logo
Wrong email address or username
Wrong email address or username
Incorrect verification code
back to top
Search tags: backlist
Load new posts () and activity
Like Reblog Comment
show activity (+)
review 2018-04-21 18:31
Midnight at the Bright Ideas Bookstore - average
Midnight at the Bright Ideas Bookstore: A Novel - Matthew J. Sullivan

An intricate story of many people all connected through a bookstore and/or their pasts. Lydia has changed her last name and moved back to the city of her childhood, deciding to start over and having somewhat unrealistic ideas that nobody will uncover her secret (including the man she lives with.) That all starts to unravel when Joey, a patron of the Bright Ideas Bookstore, kills himself among the books. Lydia finds him and subsequently inherits all of his earthly possessions - most of which are books.

 

Through these books Joey enlists Lydia in unraveling the mysteries of his death and life. Meanwhile news from the suicide in the store pulls Lydia's past into her present. Through flashbacks and a lot of foreshadowing we learn along with Lydia about surprising and extremely coincidental connections among a cast of characters that previously seemed unconnected. Meanwhile there's this suicide and a baroque bunch of messages from beyond  the grave to unravel. While figuring out Joey's actions, Lydia is forced to face her own past whether she wants to or not. (She doesn't.)

 

There are some real coincidences in this book, but they didn't bother me enough to make me put it down. It becomes pretty clear early on who the villain is, even if his motives remain unclear. Lydia, the main character, can be quite frustrating but I accepted everyone on their own terms and read on. It's a quick read and the mystery changes through the book. Some of the characters are lovely, sadly these aren't the main characters. It is a decent read with a great title. However, I don't know who I might recommend this to, and in the final examination, I just didn't care enough about any of the characters or find their story very compelling.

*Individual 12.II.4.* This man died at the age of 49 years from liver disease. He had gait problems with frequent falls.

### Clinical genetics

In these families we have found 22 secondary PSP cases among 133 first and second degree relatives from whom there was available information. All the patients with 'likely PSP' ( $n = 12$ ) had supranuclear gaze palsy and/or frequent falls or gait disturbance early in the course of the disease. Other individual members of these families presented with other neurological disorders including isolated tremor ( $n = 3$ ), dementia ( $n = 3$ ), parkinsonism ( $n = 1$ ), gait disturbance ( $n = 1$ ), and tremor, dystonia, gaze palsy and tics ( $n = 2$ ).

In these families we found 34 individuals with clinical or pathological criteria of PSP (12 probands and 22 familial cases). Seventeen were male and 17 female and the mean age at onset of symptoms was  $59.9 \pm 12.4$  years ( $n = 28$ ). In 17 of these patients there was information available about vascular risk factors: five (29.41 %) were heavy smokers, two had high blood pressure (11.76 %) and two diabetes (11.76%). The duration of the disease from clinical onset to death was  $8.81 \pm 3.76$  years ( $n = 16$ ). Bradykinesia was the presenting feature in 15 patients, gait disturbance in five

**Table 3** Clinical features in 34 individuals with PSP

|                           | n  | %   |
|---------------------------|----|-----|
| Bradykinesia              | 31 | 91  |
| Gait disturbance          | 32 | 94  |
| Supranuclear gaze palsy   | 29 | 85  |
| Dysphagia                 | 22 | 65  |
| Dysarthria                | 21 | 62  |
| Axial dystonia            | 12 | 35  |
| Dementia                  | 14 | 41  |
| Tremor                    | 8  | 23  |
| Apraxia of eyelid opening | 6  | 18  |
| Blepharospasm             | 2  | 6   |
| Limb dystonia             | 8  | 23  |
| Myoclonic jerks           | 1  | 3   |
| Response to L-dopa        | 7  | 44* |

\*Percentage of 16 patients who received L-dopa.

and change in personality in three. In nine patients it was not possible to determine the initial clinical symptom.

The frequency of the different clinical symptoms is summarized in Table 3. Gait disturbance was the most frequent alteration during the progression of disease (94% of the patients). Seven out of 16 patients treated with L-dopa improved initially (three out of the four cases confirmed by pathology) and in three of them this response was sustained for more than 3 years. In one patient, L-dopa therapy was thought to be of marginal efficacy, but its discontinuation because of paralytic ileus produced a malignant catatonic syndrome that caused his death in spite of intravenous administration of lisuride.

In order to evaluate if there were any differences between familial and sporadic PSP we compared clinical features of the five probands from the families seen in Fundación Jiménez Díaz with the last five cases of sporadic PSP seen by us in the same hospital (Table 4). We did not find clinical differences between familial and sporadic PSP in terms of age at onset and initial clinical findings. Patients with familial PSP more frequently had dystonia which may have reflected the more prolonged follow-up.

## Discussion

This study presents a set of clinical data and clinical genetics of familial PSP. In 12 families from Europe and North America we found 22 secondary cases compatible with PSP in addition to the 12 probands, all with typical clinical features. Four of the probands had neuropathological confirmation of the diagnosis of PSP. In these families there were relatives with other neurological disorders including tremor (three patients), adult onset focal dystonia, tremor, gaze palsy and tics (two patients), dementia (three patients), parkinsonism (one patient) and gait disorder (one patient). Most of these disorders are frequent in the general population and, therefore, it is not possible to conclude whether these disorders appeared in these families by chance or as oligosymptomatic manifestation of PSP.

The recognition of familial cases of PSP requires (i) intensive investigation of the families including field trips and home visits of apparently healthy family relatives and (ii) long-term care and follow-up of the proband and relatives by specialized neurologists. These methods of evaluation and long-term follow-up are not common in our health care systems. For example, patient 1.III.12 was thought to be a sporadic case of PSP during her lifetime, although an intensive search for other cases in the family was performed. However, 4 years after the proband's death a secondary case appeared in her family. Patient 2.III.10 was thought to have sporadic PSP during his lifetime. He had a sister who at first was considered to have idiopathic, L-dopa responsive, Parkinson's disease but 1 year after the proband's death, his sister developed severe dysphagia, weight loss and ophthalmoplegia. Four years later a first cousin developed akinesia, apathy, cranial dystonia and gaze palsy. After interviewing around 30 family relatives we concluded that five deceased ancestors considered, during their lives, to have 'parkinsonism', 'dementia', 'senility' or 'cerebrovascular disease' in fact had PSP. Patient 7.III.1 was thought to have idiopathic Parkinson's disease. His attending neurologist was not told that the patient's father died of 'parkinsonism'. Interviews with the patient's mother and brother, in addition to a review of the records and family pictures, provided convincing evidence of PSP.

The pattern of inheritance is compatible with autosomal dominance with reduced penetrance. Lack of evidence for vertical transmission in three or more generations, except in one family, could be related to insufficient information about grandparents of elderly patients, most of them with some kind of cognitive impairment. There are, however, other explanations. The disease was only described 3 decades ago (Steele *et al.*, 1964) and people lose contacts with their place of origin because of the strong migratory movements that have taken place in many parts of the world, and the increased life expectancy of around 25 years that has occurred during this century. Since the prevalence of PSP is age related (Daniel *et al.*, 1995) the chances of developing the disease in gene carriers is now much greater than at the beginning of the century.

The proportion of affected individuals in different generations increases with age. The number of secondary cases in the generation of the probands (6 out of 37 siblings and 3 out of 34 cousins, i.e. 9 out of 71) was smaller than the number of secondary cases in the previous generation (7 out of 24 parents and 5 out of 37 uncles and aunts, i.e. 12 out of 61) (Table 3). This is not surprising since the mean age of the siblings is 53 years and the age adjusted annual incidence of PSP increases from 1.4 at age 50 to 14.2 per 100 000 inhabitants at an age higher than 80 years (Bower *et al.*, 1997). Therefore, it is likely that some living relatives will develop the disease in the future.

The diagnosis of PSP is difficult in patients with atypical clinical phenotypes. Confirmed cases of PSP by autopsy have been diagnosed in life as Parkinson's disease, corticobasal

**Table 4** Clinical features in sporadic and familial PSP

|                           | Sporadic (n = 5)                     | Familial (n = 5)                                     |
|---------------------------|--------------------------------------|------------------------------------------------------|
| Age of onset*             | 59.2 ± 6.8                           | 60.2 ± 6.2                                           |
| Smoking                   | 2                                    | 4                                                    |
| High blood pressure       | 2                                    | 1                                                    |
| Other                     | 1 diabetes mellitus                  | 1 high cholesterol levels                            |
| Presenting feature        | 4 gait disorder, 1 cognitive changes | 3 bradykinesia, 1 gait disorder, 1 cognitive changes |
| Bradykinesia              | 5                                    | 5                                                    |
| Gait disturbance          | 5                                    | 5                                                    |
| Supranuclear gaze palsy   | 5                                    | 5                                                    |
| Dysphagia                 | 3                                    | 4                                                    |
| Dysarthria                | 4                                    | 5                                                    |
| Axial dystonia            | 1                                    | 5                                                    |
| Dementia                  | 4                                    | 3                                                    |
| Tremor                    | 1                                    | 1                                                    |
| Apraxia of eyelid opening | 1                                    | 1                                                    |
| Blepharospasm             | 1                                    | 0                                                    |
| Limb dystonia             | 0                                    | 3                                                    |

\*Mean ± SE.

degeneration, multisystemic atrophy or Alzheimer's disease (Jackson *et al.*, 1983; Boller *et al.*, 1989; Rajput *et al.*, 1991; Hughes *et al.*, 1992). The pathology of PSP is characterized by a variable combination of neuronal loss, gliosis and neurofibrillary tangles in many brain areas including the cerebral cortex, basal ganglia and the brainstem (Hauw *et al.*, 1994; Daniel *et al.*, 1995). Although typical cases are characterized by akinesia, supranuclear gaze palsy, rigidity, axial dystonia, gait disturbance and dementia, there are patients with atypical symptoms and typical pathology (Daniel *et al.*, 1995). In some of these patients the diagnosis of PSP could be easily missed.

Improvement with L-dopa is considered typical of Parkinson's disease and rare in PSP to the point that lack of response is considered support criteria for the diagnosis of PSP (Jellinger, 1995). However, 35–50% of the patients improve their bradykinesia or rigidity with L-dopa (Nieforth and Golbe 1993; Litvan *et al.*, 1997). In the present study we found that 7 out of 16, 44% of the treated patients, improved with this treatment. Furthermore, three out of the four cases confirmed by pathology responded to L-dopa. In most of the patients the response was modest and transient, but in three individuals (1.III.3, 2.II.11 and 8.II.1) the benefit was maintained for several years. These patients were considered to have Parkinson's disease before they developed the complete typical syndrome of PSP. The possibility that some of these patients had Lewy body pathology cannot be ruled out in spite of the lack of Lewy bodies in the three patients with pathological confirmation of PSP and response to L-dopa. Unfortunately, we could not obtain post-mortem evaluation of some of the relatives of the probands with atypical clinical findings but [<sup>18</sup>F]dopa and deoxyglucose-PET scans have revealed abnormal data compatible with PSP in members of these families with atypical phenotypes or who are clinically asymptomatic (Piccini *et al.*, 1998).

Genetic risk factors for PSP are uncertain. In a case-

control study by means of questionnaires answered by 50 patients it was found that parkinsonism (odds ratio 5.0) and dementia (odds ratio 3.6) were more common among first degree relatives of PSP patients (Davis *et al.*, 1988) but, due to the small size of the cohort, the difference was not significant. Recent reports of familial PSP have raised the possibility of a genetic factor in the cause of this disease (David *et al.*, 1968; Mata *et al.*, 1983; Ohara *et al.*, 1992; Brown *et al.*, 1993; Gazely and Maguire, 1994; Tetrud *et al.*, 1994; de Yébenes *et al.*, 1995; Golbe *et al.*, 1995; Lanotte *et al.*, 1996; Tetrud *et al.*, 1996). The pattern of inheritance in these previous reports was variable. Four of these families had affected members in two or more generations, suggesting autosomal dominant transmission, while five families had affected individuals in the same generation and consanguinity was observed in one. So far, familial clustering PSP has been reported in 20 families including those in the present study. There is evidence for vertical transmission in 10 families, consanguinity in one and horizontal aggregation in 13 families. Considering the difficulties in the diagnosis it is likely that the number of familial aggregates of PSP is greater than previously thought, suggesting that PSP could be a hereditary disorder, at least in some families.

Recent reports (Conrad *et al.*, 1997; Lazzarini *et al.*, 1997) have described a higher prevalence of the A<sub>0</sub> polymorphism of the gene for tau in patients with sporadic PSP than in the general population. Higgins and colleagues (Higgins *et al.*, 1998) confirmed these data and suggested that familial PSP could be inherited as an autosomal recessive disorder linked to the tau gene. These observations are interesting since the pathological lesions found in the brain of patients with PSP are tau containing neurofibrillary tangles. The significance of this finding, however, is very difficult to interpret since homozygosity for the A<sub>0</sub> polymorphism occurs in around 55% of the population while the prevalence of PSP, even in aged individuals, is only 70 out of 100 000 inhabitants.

Like Reblog Comment
review 2018-04-18 18:23
What Happened -- too many facts, not enough Hillary
What Happened - Hillary Rodham Clinton

I bought this a while ago. I was a Clinton supporter. (I have always loved Bernie Sanders and voted for him in the primary, but by the time it got to my state, it didn't matter, and I happily took time off to campaign for Hillary once that was settled.) I strongly believe she got short shrift in the election coverage, and I was too upset until recently to be able to read this. (I actually think my diving into fiction may be a direct result of the 2016 election. I find I am too angry to be functional if I read too much news or even too much political fiction/nonfiction.)

 

While I agree in large part with most of her points about "what happened," I didn't learn much new from this book. I was very touched by her clear adoration for her daughter and her grandchildren, and it is clear that the loss of her mother is still very painful. Some of those chapters are wonderful. I could have lived without an exact play-by-play explainer on every issue on the election. I lived through it and experienced it once. I wanted to know how she felt about these things. The cover promises she's going to tell us, but I didn't get any real insight to Hillary Clinton. Thought she didn't say it this way, I also enjoyed how clearly pissed off she is at Comey - still. Also that she was confused by his actions like the rest of us were. I would say 70% of the book is defensive crouch. I get it, but it may just have been too soon for me even now. I never will need to read an in depth explainer on the emails though -- I doubt anyone reading this book will. Those who read Hillary's book are likely to have understood the email situation LONG before the election and frankly, long before the NYTimes stopped harping about them. (Guess what - reading the apologies and "we'll do better" from the Times didn't make me feel better either - particularly since they've now done away with the Public Editor who was the one clear-headed person at the paper...)